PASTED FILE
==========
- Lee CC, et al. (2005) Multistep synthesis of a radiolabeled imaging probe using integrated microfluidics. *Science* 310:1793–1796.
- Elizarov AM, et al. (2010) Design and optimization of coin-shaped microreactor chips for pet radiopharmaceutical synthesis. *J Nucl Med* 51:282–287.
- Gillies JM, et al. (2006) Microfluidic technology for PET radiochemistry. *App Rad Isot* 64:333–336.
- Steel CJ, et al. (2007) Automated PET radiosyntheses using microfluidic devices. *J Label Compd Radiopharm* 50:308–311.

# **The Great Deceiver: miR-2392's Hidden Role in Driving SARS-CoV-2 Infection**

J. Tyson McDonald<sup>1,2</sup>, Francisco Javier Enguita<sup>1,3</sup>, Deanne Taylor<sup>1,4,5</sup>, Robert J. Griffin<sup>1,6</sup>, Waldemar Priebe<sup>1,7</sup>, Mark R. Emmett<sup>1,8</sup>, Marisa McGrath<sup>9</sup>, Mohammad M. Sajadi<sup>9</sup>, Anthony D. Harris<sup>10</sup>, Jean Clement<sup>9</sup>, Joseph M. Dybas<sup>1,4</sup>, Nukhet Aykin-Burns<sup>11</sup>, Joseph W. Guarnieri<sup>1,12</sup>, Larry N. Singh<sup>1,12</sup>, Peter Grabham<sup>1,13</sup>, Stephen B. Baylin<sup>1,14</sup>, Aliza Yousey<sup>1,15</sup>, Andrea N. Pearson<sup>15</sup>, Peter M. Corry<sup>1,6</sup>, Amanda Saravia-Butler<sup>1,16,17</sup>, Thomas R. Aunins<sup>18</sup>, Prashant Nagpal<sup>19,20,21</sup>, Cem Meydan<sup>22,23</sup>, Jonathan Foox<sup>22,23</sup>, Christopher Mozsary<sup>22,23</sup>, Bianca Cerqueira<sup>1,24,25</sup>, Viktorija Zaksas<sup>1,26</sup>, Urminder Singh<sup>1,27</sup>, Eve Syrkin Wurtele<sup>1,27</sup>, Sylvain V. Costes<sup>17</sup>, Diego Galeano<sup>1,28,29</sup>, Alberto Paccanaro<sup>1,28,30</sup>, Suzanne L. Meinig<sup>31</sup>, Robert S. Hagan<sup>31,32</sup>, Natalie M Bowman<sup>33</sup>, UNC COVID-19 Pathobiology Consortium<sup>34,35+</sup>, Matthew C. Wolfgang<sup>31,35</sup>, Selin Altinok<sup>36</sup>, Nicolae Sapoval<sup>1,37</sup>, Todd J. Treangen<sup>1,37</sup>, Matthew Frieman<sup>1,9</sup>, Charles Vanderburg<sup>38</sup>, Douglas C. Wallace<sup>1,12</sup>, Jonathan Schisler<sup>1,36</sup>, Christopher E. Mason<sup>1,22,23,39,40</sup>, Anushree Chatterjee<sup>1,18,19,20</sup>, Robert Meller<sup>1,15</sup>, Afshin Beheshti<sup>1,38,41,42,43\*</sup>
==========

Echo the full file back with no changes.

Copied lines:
- Lee CC, et al. (2005) Multistep synthesis of a radiolabeled imaging probe using integrated microfluidics. *Science* 310:1793–1796.
- Elizarov AM, et al. (2010) Design and optimization of coin-shaped microreactor chips for pet radiopharmaceutical synthesis. *J Nucl Med* 51:282–287.
- Gillies JM, et al. (2006) Microfluidic technology for PET radiochemistry. *App Rad Isot* 64:333–336.
- Steel CJ, et al. (2007) Automated PET radiosyntheses using microfluidic devices. *J Label Compd Radiopharm* 50:308–311.

# **The Great Deceiver: miR-2392's Hidden Role in Driving SARS-CoV-2 Infection**

J. Tyson McDonald<sup>1,2</sup>, Francisco Javier Enguita<sup>1,3</sup>, Deanne Taylor<sup>1,4,5</sup>, Robert J. Griffin<sup>1,6</sup>, Waldemar Priebe<sup>1,7</sup>, Mark R. Emmett<sup>1,8</sup>, Marisa McGrath<sup>9</sup>, Mohammad M. Sajadi<sup>9</sup>, Anthony D. Harris<sup>10</sup>, Jean Clement<sup>9</sup>, Joseph M. Dybas<sup>1,4</sup>, Nukhet Aykin-Burns<sup>11</sup>, Joseph W. Guarnieri<sup>1,12</sup>, Larry N. Singh<sup>1,12</sup>, Peter Grabham<sup>1,13</sup>, Stephen B. Baylin<sup>1,14</sup>, Aliza Yousey<sup>1,15</sup>, Andrea N. Pearson<sup>15</sup>, Peter M. Corry<sup>1,6</sup>, Amanda Saravia-Butler<sup>1,16,17</sup>, Thomas R. Aunins<sup>18</sup>, Prashant Nagpal<sup>19,20,21</sup>, Cem Meydan<sup>22,23</sup>, Jonathan Foox<sup>22,23</sup>, Christopher Mozsary<sup>22,23</sup>, Bianca Cerqueira<sup>1,24,25</sup>, Viktorija Zaksas<sup>1,26</sup>, Urminder Singh<sup>1,27</sup>, Eve Syrkin Wurtele<sup>1,27</sup>, Sylvain V. Costes<sup>17</sup>, Diego Galeano<sup>1,28,29</sup>, Alberto Paccanaro<sup>1,28,30</sup>, Suzanne L. Meinig<sup>31</sup>, Robert S. Hagan<sup>31,32</sup>, Natalie M Bowman<sup>33</sup>, UNC COVID-19 Pathobiology Consortium<sup>34,35+</sup>, Matthew C. Wolfgang<sup>31,35</sup>, Selin Altinok<sup>36</sup>, Nicolae Sapoval<sup>1,37</sup>, Todd J. Treangen<sup>1,37</sup>, Matthew Frieman<sup>1,9</sup>, Charles Vanderburg<sup>38</sup>, Douglas C. Wallace<sup>1,12</sup>, Jonathan Schisler<sup>1,36</sup>, Christopher E. Mason<sup>1,22,23,39,40</sup>, Anushree Chatterjee<sup>1,18,19,20</sup>, Robert Meller<sup>1,15</sup>, Afshin Beheshti<sup>1,38,41,42,43\*</sup>